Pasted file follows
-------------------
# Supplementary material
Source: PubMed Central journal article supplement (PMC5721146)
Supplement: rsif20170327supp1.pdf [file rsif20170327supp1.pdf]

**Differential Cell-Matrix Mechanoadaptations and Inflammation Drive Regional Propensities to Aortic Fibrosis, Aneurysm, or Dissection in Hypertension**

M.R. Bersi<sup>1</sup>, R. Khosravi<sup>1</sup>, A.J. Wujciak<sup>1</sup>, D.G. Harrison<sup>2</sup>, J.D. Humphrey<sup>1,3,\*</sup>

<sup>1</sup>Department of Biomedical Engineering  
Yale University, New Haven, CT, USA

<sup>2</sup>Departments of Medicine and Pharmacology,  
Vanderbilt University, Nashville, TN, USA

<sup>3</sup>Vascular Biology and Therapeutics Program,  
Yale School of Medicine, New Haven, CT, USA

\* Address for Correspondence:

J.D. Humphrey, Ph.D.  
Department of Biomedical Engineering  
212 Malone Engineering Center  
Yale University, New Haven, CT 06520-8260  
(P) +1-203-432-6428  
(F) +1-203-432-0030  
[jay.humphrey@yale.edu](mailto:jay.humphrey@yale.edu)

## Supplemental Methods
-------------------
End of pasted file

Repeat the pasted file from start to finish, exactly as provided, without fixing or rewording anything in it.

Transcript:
# Supplementary material
Source: PubMed Central journal article supplement (PMC5721146)
Supplement: rsif20170327supp1.pdf [file rsif20170327supp1.pdf]

**Differential Cell-Matrix Mechanoadaptations and Inflammation Drive Regional Propensities to Aortic Fibrosis, Aneurysm, or Dissection in Hypertension**

M.R. Bersi<sup>1</sup>, R. Khosravi<sup>1</sup>, A.J. Wujciak<sup>1</sup>, D.G. Harrison<sup>2</sup>, J.D. Humphrey<sup>1,3,\*</sup>

<sup>1</sup>Department of Biomedical Engineering  
Yale University, New Haven, CT, USA

<sup>2</sup>Departments of Medicine and Pharmacology,  
Vanderbilt University, Nashville, TN, USA

<sup>3</sup>Vascular Biology and Therapeutics Program,  
Yale School of Medicine, New Haven, CT, USA

\* Address for Correspondence:

J.D. Humphrey, Ph.D.  
Department of Biomedical Engineering  
212 Malone Engineering Center  
Yale University, New Haven, CT 06520-8260  
(P) +1-203-432-6428  
(F) +1-203-432-0030  
[jay.humphrey@yale.edu](mailto:jay.humphrey@yale.edu)

## Supplemental Methods